Brian Sutcliffe, one of the great characters of the University of York, started as a lecturer in the Department of Chemistry at its outset in 1965 and stayed until his retirement in 1998. As a child in WWII, Brian was evacuated from Croydon to Preston, but he returned to grammar school in Croydon. An undergraduate degree in physics and chemistry at the University of Keele was followed by a PhD and later a research fellowship. His PhD was supervised by Roy McWeeny, who he admired immensely. Between his PhD and returning to Keele as a researcher, he held a Fulbright Fellowship at MIT under JC Slater and JW Moskowitz at New York University. Knowledge poured off Brian like a waterfall, not just his own quantum chemistry, but political history, history of science, poetry, and music. This wasn’t shown: he was equally modest about his scientific achievements. He was committed to the students and his colleagues and stood up for high-quality teaching against the pressure to take more students. As a rep for the Association of University Teachers, he was a thorn in the side of the University high-ups but was nevertheless totally devoted to the success of the University.
Brian’s influence on the development of quantum chemistry can be gauged from his visiting professorships in Denmark, the Netherlands, the USA, Japan, Hungary, Germany, Mexico and Belgium. He became a foreign fellow of the Royal Danish Academy of Sciences and Letters in 1992. Some reminiscences of his former research students, collaborators and colleagues help to reveal Brian’s character.
Hazel Cox (Sussex, Chemistry): Brian taught me so much, not just about theoretical chemistry but also about how to be an academic, University politics, and standing up for what you feel is right. Our work together formed the foundation of my passion for quantum chemistry. His deep understanding of the mathematics behind chemistry, and his willingness to share his knowledge, has helped me enormously, and that support has been unwavering for the last 3 decades.
Jonathan Tennyson (UCL Physics): Brian was very much my mentor as a young scientist. I met him as a postdoc in Nijmegen where he held a visiting Professorship for the first part of my stay. Brian gave a lecture there entitled “Sex and the single electron” - he attracted a huge audience and had everyone in stitches. He inducted me into a whole new area of science upon which I have built my career. His deep understanding of the problems we worked on was fundamental to our work together and widely underappreciated.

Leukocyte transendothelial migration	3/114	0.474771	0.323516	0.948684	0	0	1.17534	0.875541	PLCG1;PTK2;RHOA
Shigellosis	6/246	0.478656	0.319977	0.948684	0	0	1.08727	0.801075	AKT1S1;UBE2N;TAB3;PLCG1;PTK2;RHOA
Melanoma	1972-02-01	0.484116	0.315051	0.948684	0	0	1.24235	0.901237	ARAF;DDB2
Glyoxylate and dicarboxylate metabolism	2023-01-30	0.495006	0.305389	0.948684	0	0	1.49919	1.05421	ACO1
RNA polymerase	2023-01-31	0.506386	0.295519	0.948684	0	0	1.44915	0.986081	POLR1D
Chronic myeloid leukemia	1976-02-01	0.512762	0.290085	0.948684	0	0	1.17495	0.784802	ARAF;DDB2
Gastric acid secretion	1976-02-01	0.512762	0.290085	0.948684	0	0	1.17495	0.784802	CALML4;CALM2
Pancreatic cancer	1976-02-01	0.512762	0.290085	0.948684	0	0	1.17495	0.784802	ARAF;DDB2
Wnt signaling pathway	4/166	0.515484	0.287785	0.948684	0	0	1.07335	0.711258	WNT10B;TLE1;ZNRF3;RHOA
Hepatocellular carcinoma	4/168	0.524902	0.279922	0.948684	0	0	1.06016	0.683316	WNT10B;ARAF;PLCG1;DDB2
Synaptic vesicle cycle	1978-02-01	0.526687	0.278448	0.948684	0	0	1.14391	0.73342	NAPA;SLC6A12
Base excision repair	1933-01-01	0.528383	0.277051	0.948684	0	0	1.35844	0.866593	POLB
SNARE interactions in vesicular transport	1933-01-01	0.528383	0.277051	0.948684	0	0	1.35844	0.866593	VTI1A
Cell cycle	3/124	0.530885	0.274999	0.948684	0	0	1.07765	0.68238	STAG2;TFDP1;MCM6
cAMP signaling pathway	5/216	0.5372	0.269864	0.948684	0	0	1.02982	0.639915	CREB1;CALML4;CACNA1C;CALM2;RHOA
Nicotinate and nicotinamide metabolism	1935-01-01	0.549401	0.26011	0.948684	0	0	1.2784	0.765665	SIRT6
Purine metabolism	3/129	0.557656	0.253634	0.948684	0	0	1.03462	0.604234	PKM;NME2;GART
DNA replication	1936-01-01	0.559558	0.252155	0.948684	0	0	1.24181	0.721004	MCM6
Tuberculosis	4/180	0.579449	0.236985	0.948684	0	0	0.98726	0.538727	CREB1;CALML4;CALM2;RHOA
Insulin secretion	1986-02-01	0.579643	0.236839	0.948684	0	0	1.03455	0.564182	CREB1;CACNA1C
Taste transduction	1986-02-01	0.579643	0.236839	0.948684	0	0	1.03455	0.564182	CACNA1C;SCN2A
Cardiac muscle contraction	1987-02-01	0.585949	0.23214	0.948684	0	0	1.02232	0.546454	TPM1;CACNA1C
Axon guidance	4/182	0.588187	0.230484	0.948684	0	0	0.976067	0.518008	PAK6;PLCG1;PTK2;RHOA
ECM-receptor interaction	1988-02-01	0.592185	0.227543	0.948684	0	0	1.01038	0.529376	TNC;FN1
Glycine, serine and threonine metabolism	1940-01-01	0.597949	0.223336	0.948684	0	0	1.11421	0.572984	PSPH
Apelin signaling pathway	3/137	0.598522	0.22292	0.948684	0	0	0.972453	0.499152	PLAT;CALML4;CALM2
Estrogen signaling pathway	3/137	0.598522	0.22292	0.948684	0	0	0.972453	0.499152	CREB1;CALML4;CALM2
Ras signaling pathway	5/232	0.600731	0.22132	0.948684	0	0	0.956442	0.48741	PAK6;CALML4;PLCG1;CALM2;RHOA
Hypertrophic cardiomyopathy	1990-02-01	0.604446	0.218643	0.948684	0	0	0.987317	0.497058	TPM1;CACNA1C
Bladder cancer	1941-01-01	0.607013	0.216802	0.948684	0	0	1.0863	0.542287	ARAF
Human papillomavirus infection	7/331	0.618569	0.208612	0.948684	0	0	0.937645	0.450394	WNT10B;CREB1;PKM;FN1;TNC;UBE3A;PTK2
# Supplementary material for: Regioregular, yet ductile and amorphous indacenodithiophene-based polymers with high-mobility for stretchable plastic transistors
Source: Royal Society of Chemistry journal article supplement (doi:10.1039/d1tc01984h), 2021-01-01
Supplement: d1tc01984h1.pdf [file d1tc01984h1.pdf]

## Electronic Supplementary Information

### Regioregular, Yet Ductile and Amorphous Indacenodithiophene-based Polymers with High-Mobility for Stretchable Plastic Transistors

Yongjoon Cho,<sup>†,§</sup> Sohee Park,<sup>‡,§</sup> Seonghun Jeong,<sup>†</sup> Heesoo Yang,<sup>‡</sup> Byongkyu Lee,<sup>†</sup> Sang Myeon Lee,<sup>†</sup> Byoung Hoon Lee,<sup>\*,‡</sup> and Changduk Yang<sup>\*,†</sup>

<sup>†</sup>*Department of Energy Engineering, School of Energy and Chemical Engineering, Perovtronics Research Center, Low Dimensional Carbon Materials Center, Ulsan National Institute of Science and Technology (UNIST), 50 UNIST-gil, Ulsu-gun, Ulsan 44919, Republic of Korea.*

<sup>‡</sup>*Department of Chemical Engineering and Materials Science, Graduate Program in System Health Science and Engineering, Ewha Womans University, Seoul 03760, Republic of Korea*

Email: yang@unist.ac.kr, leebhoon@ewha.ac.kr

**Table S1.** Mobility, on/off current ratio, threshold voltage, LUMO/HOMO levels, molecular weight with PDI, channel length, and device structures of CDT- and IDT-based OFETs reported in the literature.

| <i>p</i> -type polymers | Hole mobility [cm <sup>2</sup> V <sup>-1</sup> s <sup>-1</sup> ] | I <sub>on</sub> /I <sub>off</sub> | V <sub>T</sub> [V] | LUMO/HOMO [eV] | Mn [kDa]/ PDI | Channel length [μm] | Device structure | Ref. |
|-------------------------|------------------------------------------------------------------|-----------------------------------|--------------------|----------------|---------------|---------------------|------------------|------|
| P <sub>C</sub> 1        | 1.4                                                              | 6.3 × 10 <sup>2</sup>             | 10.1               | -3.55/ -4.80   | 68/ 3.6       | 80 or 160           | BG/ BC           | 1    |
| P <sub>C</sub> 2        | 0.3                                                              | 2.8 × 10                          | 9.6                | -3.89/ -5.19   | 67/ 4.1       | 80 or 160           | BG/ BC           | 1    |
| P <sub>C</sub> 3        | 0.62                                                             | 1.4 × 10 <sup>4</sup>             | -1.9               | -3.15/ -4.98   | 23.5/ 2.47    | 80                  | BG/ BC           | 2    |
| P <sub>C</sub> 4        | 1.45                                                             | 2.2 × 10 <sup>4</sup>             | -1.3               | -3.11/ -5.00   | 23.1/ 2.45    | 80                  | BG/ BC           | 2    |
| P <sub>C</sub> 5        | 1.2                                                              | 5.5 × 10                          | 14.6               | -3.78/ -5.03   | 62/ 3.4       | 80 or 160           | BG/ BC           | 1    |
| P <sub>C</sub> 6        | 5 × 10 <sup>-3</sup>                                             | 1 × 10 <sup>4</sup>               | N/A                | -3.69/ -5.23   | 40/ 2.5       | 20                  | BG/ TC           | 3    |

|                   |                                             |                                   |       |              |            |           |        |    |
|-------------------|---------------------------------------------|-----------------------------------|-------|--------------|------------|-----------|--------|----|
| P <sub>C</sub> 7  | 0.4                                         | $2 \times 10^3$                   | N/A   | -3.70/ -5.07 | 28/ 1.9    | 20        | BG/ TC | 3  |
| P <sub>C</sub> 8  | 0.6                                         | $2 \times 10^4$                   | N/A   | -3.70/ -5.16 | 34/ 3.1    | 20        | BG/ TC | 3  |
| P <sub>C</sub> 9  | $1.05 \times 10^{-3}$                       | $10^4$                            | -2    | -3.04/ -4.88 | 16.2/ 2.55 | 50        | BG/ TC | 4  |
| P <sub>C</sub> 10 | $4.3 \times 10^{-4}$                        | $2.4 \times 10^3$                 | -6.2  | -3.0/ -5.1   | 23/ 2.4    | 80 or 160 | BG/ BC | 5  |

Michael Chiu: As Brian's first graduate supervisee from York, I shared a large office with another graduate and a £1000 Hewlett Packard programmable calculator. When I asked Brian about his own research as a doctoral student, he told me that he had carried out his calculations on a Whirlwind computer with 24 bits of memory.
Bruce Gilbert (York, Chemistry): My first and lasting impression of Brian was formed on meeting him with a very small group of academics early in 1965 to design the Chemistry course. Then, as ever, he showed a brilliant mind, incredibly wide knowledge, deep interest in teaching and learning, and an awesome background in Maths and Quantum chemistry. I'd never met a polymath before, let alone worked with one.
Tony Sudbery (York, Mathematics): Brian and Jim Matthew formed a classic double act delivering wonderfully entertaining and informative public lectures. Brian's interests went well beyond the confines of quantum chemistry; he had a wide knowledge of philosophy, and I remember deep and extensive discussions on the philosophy of quantum theory.
After the premature death of his first wife, Eileen, in 1992, Brian married Sylvia Winstanley who had been the first Departmental Secretary in York but then lived in Brussels. He leaves a son Edmund and a daughter Caroline from his first marriage. The painting shows Brian with Sylvia.